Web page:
The focus of this column is about the history of Parlington, and to a lesser extent the families who inhabited the hall. However in the spirit of offering a wider perspective of activities, we shall uncover a story of the Gascoigne seafaring during the nineteenth century. I first came across a reference to a sea going vessel some years back in a short newspaper article about the launch in August 1866 into the Clyde of a steam yacht ‘Ibis’ from the yard of Partick shipbuilders Tod & MacGregor, built for Frederick Charles Trench-Gascoigne of Craignish and Parlington. The yacht was powered by a two cylinder steam engine producing 30HP, it was 106 feet in length, a breadth of almost 20 feet and 11 feet in depth. It had a gross weight of around 181 tons. It was described as having a lifting propellor, for sailing unencumbered by the drag of the propellor. Was largely of mahogany and teak with brass fitments, a luxury boat indeed.
Seemingly, according to a recently uncovered document from the colonel’s son, ‘Dick’, F R Trench-Gascoigne (died 1937). At the time the Ibis was launched the colonel had already been sailing in a yacht called ‘Myth’ a 60 ton schooner, from the yard of Messrs Inman, of Lymington, Hampshire. Then a second yacht was commissioned in 1859 again called ‘Myth’, the first being unsatisfactory apparently thus leading to the second. The second yacht was, according Dick, built by the very (still) famous Ratsey company of Cowes, Isle of Wight. Although present information on Ratsey explains the great expertise in traditional sail manufacture rather than building hulls etc.
These craft suggest in my view a ‘Viv Nicholson’ approach to life. For those unfamiliar with the lady, she was a football pool winner who vowed to, ‘spend, spend, spend’. This she did leading quickly to her husband’s death in a sports Jaguar in short order and her own decline to poverty in the longer term. The colonel it is fair to say had married a very wealthy lady in Isabella Oliver-Gascoigne, and their expenditure following their marriage in 1850 was considerable, even extravagant. A castle in Argyleshire, Craignish and to boot suitable transport moored on the loch, in the form of the steam yacht Ibis. Consider also that owning a steam yacht brought with it a ship’s captain and crew, no small expenditure.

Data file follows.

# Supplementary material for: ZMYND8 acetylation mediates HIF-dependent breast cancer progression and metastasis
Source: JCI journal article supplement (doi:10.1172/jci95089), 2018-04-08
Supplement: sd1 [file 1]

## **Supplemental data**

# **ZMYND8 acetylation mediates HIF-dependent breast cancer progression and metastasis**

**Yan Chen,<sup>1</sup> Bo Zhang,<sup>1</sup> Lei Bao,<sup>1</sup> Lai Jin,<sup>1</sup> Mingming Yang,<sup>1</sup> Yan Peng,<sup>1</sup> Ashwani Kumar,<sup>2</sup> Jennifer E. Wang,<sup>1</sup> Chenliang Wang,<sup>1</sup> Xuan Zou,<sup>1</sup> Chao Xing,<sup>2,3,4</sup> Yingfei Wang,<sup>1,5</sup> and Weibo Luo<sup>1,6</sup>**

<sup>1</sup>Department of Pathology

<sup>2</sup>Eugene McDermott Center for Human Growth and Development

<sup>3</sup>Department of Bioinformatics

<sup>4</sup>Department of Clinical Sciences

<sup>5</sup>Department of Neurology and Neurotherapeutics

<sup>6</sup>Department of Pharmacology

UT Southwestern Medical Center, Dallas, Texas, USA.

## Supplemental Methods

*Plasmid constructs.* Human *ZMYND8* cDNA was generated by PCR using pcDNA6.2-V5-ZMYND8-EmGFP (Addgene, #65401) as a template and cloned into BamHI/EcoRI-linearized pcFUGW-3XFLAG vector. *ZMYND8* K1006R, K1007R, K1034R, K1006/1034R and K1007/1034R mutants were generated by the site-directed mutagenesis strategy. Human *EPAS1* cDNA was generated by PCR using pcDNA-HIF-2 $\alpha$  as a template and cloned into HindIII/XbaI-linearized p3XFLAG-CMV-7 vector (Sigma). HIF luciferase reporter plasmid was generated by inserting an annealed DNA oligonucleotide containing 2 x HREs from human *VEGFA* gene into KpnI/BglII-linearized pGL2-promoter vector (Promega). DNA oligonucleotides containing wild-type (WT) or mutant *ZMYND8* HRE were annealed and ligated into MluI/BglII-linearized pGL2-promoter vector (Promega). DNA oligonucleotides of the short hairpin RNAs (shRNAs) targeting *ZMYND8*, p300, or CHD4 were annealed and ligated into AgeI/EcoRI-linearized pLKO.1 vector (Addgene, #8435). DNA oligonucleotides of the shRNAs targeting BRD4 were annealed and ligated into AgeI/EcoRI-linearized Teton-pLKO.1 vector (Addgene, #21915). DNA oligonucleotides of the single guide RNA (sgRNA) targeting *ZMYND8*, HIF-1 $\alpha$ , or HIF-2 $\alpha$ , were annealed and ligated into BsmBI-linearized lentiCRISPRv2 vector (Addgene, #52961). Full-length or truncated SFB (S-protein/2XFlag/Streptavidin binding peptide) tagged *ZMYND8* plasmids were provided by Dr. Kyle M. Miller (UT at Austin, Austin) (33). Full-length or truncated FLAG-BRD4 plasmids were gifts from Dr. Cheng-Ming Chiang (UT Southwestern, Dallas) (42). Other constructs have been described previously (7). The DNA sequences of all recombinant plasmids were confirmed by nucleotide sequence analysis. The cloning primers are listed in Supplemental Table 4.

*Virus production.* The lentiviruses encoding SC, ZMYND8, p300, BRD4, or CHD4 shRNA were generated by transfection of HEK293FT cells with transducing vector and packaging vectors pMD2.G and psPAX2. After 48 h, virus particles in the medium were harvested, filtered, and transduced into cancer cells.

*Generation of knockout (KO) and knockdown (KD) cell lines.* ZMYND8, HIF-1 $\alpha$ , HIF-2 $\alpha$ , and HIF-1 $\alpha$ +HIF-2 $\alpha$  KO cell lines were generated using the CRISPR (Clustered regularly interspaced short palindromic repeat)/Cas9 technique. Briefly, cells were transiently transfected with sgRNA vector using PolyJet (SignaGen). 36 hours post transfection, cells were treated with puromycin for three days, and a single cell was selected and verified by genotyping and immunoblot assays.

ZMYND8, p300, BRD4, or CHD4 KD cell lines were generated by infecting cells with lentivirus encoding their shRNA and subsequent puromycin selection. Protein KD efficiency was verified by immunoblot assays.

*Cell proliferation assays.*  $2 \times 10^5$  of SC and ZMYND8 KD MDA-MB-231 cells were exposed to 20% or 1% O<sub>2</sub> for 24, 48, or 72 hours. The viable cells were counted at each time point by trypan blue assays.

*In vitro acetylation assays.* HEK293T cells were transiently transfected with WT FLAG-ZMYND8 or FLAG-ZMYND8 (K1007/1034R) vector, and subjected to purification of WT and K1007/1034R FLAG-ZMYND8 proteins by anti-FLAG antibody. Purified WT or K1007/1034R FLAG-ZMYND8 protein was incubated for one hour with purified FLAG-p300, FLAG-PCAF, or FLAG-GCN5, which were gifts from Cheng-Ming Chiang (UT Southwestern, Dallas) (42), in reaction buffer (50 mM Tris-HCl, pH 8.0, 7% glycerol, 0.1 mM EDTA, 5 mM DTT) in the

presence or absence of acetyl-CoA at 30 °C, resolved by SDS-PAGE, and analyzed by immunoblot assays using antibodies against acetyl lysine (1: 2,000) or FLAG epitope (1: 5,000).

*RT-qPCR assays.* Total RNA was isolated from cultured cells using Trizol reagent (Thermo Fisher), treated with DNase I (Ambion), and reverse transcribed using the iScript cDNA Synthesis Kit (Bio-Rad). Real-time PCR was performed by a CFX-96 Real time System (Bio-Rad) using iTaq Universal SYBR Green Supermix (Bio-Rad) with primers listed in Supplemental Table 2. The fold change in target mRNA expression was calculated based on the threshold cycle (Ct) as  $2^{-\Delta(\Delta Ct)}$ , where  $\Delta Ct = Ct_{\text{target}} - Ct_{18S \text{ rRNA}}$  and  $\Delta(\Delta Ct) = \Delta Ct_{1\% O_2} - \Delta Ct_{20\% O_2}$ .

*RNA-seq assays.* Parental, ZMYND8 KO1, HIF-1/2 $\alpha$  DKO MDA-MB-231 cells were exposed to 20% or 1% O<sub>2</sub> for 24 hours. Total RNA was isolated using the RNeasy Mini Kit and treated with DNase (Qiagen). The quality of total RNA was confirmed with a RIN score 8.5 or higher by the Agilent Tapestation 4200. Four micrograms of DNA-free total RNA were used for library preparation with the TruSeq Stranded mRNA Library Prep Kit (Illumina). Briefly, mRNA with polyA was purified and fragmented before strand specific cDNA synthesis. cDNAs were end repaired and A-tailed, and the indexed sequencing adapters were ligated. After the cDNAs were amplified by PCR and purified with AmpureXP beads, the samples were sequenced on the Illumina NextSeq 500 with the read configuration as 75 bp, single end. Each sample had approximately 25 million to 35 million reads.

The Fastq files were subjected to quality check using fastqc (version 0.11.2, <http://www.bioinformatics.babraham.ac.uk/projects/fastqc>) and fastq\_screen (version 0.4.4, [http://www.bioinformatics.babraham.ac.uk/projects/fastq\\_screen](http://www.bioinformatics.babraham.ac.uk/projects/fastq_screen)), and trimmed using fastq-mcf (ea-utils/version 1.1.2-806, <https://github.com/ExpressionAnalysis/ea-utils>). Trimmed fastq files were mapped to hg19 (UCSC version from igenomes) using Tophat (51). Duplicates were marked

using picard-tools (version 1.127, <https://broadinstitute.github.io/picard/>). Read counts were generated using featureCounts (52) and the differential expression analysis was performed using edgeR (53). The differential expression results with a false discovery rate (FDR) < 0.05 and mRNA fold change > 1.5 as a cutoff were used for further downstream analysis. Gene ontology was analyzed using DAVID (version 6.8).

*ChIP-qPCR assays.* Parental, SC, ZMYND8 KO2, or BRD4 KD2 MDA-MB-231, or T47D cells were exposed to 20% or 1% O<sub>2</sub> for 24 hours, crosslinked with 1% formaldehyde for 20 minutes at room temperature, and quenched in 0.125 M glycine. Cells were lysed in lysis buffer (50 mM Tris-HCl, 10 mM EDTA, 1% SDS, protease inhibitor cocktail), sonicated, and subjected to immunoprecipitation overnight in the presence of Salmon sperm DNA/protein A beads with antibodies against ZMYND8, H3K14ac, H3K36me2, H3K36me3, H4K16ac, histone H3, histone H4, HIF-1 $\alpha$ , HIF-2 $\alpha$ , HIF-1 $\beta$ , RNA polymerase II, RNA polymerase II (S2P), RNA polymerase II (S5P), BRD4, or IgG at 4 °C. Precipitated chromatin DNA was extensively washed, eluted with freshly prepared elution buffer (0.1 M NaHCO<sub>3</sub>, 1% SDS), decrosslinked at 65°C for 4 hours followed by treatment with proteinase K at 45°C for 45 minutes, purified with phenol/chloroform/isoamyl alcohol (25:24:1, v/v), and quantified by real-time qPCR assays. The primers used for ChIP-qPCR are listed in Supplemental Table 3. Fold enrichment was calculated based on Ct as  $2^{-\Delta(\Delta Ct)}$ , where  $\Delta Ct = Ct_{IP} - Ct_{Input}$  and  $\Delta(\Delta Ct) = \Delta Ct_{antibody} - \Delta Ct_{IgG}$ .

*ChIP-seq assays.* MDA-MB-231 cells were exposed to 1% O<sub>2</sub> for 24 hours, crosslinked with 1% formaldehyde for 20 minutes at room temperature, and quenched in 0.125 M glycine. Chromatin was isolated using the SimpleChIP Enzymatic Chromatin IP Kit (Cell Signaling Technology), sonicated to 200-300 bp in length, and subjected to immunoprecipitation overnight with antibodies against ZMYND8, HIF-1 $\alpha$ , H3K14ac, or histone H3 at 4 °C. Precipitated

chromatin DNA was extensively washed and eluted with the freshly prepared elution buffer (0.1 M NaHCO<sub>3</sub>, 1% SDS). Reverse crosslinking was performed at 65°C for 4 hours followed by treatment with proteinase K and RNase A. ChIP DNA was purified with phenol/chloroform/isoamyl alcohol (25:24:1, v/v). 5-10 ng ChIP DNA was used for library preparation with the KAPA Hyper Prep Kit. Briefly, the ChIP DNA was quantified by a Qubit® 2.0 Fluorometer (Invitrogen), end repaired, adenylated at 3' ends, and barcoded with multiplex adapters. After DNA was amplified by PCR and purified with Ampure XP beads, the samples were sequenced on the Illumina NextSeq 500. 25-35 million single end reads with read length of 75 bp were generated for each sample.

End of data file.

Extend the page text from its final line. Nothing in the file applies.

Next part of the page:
To give an idea of life in the Gascoigne family at the time, it is recorded that the Ibis around 1869 ventured to St Petersburg, via the Baltic, the Gulf of Finland, and eventually to Lake Ladoga in Russia, presumably down the River Neva. Sadly it is recorded that the Russian pilot purposely put the boat into a sand bank, but no damage done. This incident was sufficient to alert the colonel to the folly of permitting the Russian naval officer access to his vessel and he therefore terminated the cruise in Lake Ladoga, returning to the Baltic, and home to Craignish.
Eventually the colonel was described by his son as, ‘over-yachted’ and given that Isabella was by then in her mid sixties and probably not enamoured by sea journeys, the steam yacht Ibis was sold in 1875. They still retained a small 15 ton yawl rig on the loch, named the ‘Avocet’ and then added a steam launch for local calm weather cruising. Unfortunately the launch proved to be a bad sea boat and was sold in 1888, and by then the Avocet had gone also, to be replaced by the ‘Enigma’ a 30 ton yawl, described as ‘a worthy old tub’, but she too was sold in about 1890. Thereafter that generation of Gascoignes’ were without a boat! or as their son Dick remarked they were ‘yachtless’.
The early experiences aboard his parents boats must have left their mark on Dick as he would resume the sea adventures in the steam yacht ‘Ulna’ and also ‘Ulna 2’ in the first quarter of the twentieth century.
The Ibis went on to have at least four more owners, before being lost to history after around 1895. I have a record of it renamed as the, ’Corinna’ and owned by a Mr James Ware of Penarth in 1888 and it was present at the opening ceremony of Barry Docks, largest in the World at the time, in 1889, where it was the third boat through the entrance, flying flags and bunting before a huge crowd of spectators.
This article is slightly longer than that which first appeared in the magazine